06/29/2012 03:07 pm ET Updated Aug 29, 2012

Two Taxes for the Price of One

Denver's Mayor has proposed a four-year suspension of the business personal property tax for new facilities. What the heck does that mean?

Let's suppose one of Denver's telecommunications providers -- Sprint, Comcast, whoever -- finds increased traffic warrants a new switching center. That means computers to do the switching, air conditioners to cool the computers, fiber optic cable in and out and about and electrical transformers and wires to power all the other things. Suppose it costs $30 million to buy all this stuff.

Denver collects a 3.62 percent sales tax on all of this; plus the state, RTD and the SCFD get theirs. 3.62 percent of $30m is just over a million dollars. That helps Denver cover the half billion a year it pays police officers, fire fighters, jailers, criminal prosecutors, etc.

Next January, the company tells the tax assessor it has this stuff worth $30m. It will pay business personal property tax (BPPT) on 29 percent, or $8.7m of it. Denver's tax rate is around 26.6 mills, that is, $26.60/$1,000 of value. So the next January the company will pay Denver another $231,000. The next year that will go down a little since the used equipment isn't worth as much as it was new. Over four years BPPT will be around a million dollars.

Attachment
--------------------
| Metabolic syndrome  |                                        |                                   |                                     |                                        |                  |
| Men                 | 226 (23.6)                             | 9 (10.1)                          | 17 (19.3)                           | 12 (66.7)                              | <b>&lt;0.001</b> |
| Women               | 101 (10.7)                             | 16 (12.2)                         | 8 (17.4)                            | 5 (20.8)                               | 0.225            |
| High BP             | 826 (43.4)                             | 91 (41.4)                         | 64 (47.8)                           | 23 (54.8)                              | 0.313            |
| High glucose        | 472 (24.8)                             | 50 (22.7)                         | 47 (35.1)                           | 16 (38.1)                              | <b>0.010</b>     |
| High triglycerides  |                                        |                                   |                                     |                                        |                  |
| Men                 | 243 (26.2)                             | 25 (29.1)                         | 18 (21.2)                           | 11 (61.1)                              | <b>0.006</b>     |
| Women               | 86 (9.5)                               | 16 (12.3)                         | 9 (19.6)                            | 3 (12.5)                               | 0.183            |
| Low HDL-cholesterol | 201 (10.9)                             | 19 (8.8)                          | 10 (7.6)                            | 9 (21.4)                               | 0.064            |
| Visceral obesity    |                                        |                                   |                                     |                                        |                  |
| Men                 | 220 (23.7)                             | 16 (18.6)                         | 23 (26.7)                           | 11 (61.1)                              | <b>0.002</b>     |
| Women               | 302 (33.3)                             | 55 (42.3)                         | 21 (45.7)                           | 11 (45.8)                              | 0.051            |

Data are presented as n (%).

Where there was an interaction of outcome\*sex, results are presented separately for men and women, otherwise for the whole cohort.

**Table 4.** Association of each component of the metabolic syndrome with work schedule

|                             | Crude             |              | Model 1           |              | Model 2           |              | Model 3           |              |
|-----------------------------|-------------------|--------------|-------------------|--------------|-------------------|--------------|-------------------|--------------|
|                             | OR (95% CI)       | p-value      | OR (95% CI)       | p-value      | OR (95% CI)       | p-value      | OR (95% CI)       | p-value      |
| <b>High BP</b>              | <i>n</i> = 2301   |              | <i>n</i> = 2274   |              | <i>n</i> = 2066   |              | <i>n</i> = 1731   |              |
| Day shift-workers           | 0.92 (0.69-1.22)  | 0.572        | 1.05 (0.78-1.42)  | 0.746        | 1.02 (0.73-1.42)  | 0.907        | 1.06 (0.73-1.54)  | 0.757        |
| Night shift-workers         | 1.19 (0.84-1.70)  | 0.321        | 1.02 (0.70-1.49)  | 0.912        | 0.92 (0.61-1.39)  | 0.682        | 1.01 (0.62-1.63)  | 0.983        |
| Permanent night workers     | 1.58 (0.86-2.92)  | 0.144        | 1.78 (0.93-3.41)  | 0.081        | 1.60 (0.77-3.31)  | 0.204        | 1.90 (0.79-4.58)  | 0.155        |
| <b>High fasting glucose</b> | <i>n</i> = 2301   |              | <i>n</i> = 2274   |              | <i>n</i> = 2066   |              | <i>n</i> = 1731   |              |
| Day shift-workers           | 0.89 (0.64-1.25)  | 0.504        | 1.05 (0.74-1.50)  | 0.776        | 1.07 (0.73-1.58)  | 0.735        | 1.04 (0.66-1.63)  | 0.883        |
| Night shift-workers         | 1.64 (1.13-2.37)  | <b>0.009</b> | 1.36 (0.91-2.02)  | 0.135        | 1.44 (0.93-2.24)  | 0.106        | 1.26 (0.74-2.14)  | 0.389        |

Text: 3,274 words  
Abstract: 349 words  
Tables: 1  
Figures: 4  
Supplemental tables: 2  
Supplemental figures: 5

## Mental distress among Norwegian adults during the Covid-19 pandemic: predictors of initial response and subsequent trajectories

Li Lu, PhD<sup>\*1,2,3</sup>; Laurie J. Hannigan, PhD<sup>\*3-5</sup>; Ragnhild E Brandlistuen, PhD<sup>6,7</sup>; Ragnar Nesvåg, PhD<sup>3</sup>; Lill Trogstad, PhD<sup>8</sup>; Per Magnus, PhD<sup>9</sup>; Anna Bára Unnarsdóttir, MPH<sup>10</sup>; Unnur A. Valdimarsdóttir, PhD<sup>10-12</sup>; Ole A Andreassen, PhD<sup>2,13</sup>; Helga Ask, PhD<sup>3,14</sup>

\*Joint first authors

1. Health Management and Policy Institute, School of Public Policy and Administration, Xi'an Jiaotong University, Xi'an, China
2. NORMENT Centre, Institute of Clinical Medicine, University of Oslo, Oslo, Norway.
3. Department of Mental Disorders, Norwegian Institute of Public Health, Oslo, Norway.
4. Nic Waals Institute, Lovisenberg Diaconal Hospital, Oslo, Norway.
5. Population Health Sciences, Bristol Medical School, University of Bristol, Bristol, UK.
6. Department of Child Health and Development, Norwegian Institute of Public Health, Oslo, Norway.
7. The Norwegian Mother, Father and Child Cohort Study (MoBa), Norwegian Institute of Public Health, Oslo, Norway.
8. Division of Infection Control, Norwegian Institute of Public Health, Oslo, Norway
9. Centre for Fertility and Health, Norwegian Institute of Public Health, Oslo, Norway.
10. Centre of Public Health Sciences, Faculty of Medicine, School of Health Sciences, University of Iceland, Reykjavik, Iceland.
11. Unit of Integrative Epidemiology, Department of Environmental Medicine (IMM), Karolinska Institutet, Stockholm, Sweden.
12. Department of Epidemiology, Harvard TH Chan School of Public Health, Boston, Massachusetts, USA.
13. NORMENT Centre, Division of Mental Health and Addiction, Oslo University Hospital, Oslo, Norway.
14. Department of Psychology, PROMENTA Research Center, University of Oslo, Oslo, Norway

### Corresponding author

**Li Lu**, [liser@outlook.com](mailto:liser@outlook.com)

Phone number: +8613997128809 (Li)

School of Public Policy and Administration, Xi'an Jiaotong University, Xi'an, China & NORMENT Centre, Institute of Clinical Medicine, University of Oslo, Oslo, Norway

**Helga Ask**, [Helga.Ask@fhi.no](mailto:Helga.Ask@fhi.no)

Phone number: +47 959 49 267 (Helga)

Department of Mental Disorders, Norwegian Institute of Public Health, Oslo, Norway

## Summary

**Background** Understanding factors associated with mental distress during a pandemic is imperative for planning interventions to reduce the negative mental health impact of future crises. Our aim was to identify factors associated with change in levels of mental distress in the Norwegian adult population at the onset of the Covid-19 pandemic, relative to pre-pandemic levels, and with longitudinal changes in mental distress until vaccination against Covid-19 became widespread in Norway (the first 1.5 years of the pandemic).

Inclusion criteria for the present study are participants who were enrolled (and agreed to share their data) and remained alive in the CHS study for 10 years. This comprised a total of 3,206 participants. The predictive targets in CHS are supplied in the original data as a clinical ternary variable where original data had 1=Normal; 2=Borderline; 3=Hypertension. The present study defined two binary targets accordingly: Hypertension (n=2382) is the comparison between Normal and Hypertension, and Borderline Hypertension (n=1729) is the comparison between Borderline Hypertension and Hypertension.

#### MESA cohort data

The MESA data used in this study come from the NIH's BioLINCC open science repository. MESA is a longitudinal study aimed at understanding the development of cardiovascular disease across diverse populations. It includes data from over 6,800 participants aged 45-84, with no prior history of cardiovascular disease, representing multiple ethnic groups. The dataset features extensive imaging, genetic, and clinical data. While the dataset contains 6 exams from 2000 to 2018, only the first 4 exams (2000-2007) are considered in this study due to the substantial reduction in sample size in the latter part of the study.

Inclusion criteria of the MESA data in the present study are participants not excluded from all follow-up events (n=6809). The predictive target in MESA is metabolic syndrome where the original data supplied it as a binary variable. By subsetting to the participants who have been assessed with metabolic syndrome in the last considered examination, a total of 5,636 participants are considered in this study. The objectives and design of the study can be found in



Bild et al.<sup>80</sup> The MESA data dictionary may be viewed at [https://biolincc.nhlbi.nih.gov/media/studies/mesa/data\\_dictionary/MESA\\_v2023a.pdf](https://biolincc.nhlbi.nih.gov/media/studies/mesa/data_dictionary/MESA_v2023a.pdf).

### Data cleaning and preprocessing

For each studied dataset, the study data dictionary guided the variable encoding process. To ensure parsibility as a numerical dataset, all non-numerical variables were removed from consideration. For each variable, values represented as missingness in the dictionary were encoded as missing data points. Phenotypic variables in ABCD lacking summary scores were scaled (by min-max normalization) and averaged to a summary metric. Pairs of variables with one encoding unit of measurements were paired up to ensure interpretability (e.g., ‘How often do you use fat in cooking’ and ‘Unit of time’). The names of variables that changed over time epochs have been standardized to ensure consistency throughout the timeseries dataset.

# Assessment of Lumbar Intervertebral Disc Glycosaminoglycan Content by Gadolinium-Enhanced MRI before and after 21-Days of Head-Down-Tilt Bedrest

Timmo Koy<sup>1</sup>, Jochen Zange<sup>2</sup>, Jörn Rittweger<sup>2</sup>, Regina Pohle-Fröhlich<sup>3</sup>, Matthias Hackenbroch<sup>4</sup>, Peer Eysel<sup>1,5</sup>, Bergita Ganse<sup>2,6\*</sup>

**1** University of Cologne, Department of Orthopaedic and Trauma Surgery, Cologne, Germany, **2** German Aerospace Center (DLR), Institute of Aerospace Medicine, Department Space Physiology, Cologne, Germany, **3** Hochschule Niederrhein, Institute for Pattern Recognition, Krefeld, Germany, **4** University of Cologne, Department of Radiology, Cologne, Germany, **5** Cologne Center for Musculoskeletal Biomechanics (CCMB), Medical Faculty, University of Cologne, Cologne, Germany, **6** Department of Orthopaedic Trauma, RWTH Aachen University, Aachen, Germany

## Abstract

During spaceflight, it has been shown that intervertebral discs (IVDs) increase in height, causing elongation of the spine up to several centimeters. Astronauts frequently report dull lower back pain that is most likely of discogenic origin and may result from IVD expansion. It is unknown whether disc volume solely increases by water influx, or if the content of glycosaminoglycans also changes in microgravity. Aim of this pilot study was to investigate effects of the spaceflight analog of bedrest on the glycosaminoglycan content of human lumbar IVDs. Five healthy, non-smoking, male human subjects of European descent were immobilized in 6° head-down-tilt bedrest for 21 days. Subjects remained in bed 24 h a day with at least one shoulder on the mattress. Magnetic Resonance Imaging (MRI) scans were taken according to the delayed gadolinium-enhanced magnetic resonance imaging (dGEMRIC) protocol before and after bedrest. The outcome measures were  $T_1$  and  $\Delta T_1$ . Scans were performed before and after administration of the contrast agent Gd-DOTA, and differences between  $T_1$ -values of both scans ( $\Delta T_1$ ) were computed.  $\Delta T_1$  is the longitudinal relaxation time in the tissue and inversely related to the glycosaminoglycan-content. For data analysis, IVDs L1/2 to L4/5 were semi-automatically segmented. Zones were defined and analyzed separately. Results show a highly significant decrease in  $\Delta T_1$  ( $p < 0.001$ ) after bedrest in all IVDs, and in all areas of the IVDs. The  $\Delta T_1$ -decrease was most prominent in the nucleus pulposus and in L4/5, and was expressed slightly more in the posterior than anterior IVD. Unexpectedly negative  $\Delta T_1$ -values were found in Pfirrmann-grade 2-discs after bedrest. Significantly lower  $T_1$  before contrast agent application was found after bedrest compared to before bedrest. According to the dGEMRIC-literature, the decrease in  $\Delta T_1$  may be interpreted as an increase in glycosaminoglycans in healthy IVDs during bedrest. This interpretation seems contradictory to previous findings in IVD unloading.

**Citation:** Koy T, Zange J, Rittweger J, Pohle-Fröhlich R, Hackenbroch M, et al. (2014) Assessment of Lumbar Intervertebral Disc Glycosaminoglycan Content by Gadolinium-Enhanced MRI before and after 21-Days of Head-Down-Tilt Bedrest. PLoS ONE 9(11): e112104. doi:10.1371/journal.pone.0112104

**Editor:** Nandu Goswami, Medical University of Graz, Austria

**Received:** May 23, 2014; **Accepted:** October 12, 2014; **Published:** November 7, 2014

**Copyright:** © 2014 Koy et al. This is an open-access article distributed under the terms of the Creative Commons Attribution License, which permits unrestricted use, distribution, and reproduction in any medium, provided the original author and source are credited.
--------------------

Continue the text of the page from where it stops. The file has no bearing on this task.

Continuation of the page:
Basically, the Mayor proposes to cut Sprint's total tax bill in half. The company still pays the upfront million dollar sales tax, but over the next four years it skips a million dollars in BPPT.

The Mayor is trying to fill a big budget hole. He suggests that cutting these taxes in half will help do that. If cutting Sprint's taxes in half causes them to build a switching station in Denver, they never would otherwise have built, he's right. If Sprint builds and locates switching stations based on the location of the demand, he's wrong.

My guess is Sprint, and every other business, looks at a lot of factors before building a switching station, or anything else: where are my customers, how much will they pay, what's it cost to build or rent a building, can I find good, trainable employees, what's it cost to run fiber optic cables, how much is electricity, etc., etc. I'm also guessing you have to look a long ways down that list before you find a line that asks, how much is my BPPT?

There may be a few businesses that decide to locate a new facility in Denver based on whether they get a four year BPPT break. But on balance, this will end up costing Denver and the people of Denver will have to make up the difference.